"Before this group of volunteer dogs has left this world, hopefully we will have data to help even them," she said.
A pilot study of 50 dogs started in August 2012, and Page said preliminary results from that first group should be ready soon and reportable results could be possible in a year.
Work on the study started about four years ago. After funding was approved, scientific and research teams were formed, the database was set up, a bio-lab found to store the samples and a questionnaire was written.
The recruitment of volunteer dogs was expected to be done in two years, with most of it spent on verifying eligibility and participation. Page said it takes about four weeks to verify pedigree and health, and make sure a dog's owner and veterinarian will participate. So far, 200 dogs have accepted the invitation, and 600 others are on a waiting list.
Bureau, who also has a golden retriever client on the waiting list, said it's a privilege to be part of a groundbreaking study. Aside from researchers, participating veterinarians probably have the most work — they have to submit samples of blood, urine and hair during annual exams and report whenever they treat a volunteer dog for any reason.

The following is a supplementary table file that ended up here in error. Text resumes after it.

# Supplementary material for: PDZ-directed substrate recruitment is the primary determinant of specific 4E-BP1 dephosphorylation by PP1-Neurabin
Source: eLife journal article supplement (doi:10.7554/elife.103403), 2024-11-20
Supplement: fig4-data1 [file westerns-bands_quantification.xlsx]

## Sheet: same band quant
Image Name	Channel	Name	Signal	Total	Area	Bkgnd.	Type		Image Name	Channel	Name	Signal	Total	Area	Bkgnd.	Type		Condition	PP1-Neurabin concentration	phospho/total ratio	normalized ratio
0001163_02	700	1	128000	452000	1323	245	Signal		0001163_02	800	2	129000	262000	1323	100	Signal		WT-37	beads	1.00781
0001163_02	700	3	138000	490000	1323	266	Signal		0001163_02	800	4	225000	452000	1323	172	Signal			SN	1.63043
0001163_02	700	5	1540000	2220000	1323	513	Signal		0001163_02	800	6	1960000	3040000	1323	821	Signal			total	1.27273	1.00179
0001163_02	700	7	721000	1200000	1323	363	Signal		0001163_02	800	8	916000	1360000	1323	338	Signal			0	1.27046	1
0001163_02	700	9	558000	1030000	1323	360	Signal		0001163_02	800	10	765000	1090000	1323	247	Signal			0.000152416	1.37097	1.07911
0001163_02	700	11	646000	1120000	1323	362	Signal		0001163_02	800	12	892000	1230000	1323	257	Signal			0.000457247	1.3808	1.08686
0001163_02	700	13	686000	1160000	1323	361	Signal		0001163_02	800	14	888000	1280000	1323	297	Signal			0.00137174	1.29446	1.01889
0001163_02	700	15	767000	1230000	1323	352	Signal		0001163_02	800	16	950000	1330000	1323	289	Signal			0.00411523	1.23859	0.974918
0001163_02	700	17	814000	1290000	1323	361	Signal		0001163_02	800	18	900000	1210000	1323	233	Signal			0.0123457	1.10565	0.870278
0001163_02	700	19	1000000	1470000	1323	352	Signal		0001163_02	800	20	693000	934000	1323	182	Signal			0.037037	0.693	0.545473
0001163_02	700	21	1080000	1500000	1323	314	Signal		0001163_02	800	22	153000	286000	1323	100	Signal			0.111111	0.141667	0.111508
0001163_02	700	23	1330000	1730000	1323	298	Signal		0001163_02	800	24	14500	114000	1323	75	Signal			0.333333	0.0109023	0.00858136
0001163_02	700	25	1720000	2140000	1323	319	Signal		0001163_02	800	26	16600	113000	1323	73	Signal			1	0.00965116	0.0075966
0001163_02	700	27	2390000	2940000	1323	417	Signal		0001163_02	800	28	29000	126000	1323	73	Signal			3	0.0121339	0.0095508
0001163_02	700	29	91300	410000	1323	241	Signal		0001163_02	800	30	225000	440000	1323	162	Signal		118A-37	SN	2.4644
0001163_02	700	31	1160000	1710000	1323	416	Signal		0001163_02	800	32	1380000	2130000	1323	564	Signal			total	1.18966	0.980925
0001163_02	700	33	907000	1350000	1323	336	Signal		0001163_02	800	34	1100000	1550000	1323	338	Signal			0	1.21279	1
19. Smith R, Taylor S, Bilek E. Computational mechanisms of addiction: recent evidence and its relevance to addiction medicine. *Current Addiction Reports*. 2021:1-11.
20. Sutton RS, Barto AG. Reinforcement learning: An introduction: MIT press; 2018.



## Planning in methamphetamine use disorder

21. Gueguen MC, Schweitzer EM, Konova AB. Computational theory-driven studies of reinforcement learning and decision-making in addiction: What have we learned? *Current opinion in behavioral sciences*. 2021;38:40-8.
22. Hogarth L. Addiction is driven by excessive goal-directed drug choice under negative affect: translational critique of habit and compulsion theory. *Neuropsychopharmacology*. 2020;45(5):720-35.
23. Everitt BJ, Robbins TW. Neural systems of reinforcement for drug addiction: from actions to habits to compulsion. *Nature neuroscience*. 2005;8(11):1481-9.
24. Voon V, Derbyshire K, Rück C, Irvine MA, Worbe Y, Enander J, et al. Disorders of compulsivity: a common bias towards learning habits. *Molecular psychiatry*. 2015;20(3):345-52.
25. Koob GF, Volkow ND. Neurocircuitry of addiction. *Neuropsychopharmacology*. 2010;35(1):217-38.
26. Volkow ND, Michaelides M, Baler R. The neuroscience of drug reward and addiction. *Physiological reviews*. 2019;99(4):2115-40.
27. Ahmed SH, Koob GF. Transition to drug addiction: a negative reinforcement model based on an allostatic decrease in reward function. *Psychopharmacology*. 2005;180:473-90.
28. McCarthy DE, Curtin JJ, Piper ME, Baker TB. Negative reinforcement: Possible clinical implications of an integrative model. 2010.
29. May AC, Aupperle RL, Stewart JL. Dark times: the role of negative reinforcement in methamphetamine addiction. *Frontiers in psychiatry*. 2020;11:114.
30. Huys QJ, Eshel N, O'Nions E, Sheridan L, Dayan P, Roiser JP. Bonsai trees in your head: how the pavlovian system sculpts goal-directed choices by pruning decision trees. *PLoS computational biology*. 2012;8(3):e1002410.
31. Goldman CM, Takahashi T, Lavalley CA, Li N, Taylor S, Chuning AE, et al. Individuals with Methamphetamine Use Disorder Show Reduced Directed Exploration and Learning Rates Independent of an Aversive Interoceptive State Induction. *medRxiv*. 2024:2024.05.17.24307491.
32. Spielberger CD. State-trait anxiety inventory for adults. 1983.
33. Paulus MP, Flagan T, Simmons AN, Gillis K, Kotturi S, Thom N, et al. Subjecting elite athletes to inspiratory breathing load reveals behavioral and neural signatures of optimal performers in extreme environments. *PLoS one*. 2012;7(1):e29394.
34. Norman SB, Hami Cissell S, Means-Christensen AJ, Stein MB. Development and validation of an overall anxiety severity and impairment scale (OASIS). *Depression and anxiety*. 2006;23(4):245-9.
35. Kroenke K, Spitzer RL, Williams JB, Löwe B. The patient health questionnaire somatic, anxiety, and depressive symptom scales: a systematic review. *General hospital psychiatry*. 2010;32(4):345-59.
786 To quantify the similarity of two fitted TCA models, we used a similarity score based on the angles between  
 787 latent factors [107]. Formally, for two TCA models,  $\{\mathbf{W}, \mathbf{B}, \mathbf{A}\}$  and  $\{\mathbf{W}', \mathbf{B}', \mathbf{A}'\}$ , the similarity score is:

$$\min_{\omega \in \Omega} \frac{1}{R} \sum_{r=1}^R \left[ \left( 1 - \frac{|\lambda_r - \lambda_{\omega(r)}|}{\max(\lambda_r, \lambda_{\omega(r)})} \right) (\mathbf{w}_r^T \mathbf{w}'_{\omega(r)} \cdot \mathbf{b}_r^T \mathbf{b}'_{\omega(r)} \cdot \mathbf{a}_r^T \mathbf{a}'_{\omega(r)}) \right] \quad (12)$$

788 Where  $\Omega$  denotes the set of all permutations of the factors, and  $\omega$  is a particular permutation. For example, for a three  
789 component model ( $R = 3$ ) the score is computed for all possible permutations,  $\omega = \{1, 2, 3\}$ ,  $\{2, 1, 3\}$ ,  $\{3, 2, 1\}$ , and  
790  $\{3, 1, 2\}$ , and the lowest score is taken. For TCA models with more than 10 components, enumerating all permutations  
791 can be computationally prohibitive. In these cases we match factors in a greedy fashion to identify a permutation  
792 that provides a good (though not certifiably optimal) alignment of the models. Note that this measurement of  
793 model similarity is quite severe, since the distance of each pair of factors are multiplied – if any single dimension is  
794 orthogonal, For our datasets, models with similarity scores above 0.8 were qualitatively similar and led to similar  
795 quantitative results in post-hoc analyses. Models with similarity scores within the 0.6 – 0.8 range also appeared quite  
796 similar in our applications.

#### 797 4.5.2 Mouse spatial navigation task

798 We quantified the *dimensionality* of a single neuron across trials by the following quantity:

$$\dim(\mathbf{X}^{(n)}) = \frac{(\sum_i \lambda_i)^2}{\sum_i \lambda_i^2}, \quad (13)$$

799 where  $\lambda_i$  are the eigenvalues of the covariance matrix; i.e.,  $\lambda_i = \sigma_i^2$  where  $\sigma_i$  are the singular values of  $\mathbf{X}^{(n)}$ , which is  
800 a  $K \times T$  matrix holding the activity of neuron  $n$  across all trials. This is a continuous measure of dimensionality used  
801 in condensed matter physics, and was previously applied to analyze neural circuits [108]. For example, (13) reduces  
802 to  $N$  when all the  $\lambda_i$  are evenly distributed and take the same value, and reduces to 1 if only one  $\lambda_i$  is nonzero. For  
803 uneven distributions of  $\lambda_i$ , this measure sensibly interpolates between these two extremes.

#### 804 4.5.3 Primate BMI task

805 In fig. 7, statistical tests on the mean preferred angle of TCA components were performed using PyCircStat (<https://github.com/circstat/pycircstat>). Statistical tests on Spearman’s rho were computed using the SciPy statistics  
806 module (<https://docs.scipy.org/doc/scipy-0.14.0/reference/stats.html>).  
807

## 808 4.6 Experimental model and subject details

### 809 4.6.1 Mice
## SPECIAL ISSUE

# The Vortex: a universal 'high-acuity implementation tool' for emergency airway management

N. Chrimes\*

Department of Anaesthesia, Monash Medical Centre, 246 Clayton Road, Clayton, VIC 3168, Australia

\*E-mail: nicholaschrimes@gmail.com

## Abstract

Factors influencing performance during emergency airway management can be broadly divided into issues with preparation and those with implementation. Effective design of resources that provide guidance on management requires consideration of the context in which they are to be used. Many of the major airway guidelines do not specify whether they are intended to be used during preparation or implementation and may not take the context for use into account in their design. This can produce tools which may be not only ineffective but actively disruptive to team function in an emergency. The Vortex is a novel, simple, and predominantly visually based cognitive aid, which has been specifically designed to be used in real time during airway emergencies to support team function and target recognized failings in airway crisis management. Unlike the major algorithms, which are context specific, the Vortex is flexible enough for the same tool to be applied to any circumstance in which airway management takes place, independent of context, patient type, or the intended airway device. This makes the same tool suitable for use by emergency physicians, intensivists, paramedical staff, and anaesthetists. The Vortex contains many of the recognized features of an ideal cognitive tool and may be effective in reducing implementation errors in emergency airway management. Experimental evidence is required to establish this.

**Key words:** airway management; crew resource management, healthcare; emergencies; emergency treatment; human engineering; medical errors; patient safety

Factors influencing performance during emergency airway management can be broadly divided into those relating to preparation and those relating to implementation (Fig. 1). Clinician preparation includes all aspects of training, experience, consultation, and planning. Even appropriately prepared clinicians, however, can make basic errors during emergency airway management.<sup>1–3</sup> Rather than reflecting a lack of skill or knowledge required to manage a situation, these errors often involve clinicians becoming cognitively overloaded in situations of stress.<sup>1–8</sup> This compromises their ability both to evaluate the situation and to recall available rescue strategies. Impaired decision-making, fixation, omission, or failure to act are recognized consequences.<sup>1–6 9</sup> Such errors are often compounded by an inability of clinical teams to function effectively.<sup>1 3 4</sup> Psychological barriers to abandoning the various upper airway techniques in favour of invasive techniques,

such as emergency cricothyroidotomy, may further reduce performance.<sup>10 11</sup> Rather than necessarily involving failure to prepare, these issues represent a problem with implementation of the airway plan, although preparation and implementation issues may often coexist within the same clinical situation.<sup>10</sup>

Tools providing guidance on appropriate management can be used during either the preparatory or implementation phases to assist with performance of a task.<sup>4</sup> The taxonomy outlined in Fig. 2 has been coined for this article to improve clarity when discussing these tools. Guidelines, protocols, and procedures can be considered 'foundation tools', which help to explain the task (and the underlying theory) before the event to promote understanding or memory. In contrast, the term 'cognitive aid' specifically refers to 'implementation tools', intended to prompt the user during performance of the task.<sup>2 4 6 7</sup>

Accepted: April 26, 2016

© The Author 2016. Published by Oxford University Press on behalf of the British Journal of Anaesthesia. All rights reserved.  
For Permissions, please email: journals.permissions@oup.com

Study leaders will not intervene or recommend any treatment, Page said. "We will work with the vets working with the pets. We will catalog all the things that happen, the medical history, the diet, environment and exposures."
The vets hope the study eventually will benefit humans. Researchers will pay particular attention to early onset obesity in dogs to see how it is related to diabetes, Page said.
Dog-years are a benefit to researching ailments found in both dogs and humans, because studying a dog for 10 years is akin to studying a human for 60 or 70 years, said Dr. Wayne Jensen, the Morris Animal Foundation's chief scientific officer and executive director.
"There are many examples where risk factors in dogs have also been found in people," said Jensen.
The study will also try to measure factors in a dog's life, such as how fun and an owner's love affect the animal's health and longevity. That will be attempted through questions about the number of children or other pets in the owner's family, the amount of time spent together — and the dog's sleeping spot.
Mesinger knows the answer to that one off the top of his head: "In bed, with my wife and I."
Abby, the 5 year old Golden Retriever with his human baby friend

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Animal lovers keep pets warm!

Sandie (my dog) and her daddy!

January 13, 2013

Animal lovers keep pets warm